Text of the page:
Back Bent forward, sideways or A continuous work
twisted part of the time 8
Similar motion patterns G G posture 1
repeated 10 times per
Bent forward, sideways R Never difficult to keep up G
minute or less 0 0 or twisted more than with the work 0
A2 2 D2
Similar motion patterns A A half the time
Repetition Work Sometimes difficult to A
repeated 11 to 20 times
pace keep up with the work 1
per minute 3 3 Left Right
Similar motion patterns R R Elbow close to the body G G Often difficult to keep up R
with the work 2
repeated more than 20
C3
or the arm is supported 0 0
times per minute 6 6 A A
Arm Elbow raised away from Left Right
posture the body part of the time 2 2
No factors present G G
Stage B Force Elbow raised away from R R 0 0
the body more than half D3
Left Right
of the time 4 4 Other 1 factor present A A
See grid on page 5 of G G factors 1 1
the assessment guide
0 0 Almost neutral/straight G G 2 or more factors present R R
B C4
0 0 2 2
See grid on page 5 of A A
Force
the assessment guide
Wrist Bent or deviated part of A A
posture the time 1 1 Less than 2 hours x 0.5
1-4 1-4

The ART tool


See grid on page 5 of R R Bent or deviated more R R
than half of the time 2 2 D4 2 to less than 4 hours x 0.75
the assessment guide
6-12 6-12 Duration
Power grip or no awkward G G 4 to 8 hours x1
grip 0 0
C5
Hand/ Pinch or wide finger grip A A More than 8 hours x 1.5
finger for part of the time 1 1
grip
Pinch or wide finger grip R R
for more than half of the
time 2 2
Stage A Frequency score Stage B Force score Stage C Posture score Stage D Additional factors Task score Duration Exposure score
A1 + A2 + B + C1 + C2 + C3 + C4 + C5 + D1 + D2 + D3 = X D4 =
Left hand
Right hand
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Executive

Task description form


Assessor name: Date:

Company name: Location:

Name of task:

Task description:

What is the weight of any items handled?

If items weigh more than 8 kg and the task involves manual handling consider using the MAC

Which side of the body is primarily involved? Left right both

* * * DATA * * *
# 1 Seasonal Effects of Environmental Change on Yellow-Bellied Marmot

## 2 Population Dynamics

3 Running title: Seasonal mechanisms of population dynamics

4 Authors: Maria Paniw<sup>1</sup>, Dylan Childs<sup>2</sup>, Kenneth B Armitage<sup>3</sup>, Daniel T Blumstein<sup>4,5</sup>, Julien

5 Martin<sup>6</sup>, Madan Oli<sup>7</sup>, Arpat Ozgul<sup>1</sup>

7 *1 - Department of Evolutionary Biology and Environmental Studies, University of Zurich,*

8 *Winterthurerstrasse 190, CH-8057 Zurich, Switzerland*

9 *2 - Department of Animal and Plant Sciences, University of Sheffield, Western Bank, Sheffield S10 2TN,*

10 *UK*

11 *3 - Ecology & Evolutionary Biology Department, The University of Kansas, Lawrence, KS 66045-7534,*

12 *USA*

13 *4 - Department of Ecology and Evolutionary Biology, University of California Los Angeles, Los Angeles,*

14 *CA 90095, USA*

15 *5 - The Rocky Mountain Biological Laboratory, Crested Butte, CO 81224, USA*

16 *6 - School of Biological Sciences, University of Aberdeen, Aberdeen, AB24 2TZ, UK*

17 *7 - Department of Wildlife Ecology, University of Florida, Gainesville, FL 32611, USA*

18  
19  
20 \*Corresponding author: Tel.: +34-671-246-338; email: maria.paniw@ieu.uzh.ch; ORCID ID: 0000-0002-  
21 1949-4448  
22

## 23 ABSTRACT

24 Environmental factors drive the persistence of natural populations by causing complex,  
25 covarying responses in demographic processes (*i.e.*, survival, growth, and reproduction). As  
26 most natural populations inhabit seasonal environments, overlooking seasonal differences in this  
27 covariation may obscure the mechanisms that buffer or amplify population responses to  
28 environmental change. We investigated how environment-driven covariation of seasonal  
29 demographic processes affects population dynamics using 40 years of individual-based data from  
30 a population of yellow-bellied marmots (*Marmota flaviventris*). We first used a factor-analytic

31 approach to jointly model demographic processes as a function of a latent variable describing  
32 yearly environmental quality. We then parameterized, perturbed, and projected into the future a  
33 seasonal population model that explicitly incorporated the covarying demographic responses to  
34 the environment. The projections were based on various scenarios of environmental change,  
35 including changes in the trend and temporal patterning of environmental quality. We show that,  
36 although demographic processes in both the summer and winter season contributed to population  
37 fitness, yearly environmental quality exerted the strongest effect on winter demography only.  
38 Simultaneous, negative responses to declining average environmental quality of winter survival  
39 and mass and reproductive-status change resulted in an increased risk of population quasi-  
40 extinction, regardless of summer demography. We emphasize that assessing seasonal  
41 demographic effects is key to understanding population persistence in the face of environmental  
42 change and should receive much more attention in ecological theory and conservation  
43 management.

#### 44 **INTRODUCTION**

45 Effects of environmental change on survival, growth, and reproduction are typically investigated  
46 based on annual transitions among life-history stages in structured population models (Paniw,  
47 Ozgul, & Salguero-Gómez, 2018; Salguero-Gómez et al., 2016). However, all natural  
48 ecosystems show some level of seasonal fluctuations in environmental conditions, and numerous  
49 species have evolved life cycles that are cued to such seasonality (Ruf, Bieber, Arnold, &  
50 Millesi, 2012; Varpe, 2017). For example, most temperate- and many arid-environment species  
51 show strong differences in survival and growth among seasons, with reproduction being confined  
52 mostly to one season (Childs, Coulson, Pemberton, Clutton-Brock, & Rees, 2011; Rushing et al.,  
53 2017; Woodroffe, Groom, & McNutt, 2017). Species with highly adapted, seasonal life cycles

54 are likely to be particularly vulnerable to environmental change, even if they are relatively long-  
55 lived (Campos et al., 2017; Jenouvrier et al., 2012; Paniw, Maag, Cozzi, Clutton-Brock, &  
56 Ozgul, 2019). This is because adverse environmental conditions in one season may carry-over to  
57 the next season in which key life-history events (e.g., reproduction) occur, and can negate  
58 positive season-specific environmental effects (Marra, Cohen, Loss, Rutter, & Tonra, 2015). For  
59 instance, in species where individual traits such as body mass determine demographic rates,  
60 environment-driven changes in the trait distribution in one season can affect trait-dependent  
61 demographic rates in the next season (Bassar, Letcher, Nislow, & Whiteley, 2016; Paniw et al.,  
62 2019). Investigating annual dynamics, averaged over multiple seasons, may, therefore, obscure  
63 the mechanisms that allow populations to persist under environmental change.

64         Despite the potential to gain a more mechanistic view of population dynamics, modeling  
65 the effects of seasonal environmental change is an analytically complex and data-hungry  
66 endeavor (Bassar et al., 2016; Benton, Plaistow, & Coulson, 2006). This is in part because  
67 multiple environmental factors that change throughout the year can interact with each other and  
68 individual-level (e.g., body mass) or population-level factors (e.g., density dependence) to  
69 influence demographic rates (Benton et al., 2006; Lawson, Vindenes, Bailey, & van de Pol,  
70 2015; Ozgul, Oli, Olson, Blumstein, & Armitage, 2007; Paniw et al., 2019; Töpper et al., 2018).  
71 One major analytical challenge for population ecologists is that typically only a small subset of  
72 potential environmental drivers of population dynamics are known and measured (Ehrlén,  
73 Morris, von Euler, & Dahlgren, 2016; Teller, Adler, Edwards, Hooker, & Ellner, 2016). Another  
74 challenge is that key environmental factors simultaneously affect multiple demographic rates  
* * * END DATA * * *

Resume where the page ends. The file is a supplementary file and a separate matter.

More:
What hand tools are used?

Production rate (if available) units per shift, hour or minute (circle as appropriate)

How often is the task repeated? every seconds

Draw the breaks in the shift

First hour

How long does a without a break hours


worker perform the
task? in a typical day or shift (excluding breaks) hours

How often does an individual perform the task? (eg daily, weekly, etc)

How often is the task carried out within the organisation? (eg daily, etc)

Do workers rotate to other tasks?


If so, what tasks?

You can download further copies of these forms at www.hse.gov.uk/msd/uld/art

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Score sheet
Enter the colour band and numerical score for each risk factor in the table below.
Follow the instructions on page 10 to determine the task score and exposure score.

Left arm Right arm


Risk factors
Colour Score Colour Score

A1 Arm movements

A2 Repetition

B Force

C1 Head/neck posture

C2 Back posture

C3 Arm posture

C4 Wrist posture

C5 Hand/finger grip

D1 Breaks

D2 Work pace

D3 Other factors

Task score

D4 Duration multiplier X X

Exposure score

D5 Psychosocial factors

Are there other indications that the task is high risk?

The task or similar tasks have a history of ULDs (eg company accident
book, RIDDOR reports, medically diagnosed cases of upper limb disorders).

There are signs workers find the task difficult (eg wearing arm supports or
bandages, reporting discomfort, aches or pains). Ask the workers if they
have any of these symptoms.

Other indications? If so, describe:

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Further information

For information about health and safety, or to report inconsistencies or inaccuracies


in this guidance, visit www.hse.gov.uk. You can view HSE guidance online and
order priced publications from the website. HSE priced publications are also
available from bookshops.

This guidance is issued by the Health and Safety Executive. Following the guidance
is not compulsory, unless specifically stated, and you are free to take other action.
But if you do follow the guidance you will normally be doing enough to comply with
the law. Health and safety inspectors seek to secure compliance with the law and
may refer to this guidance.

This document is available at www.hse.gov.uk/pubns/indg438.htm.

Crown copyright If you wish to reuse this information visit www.hse.gov.uk/


copyright.htm for details. First published 03/10.

Published by the Health and Safety Executive 10/15 INDG438 Page 16 of 16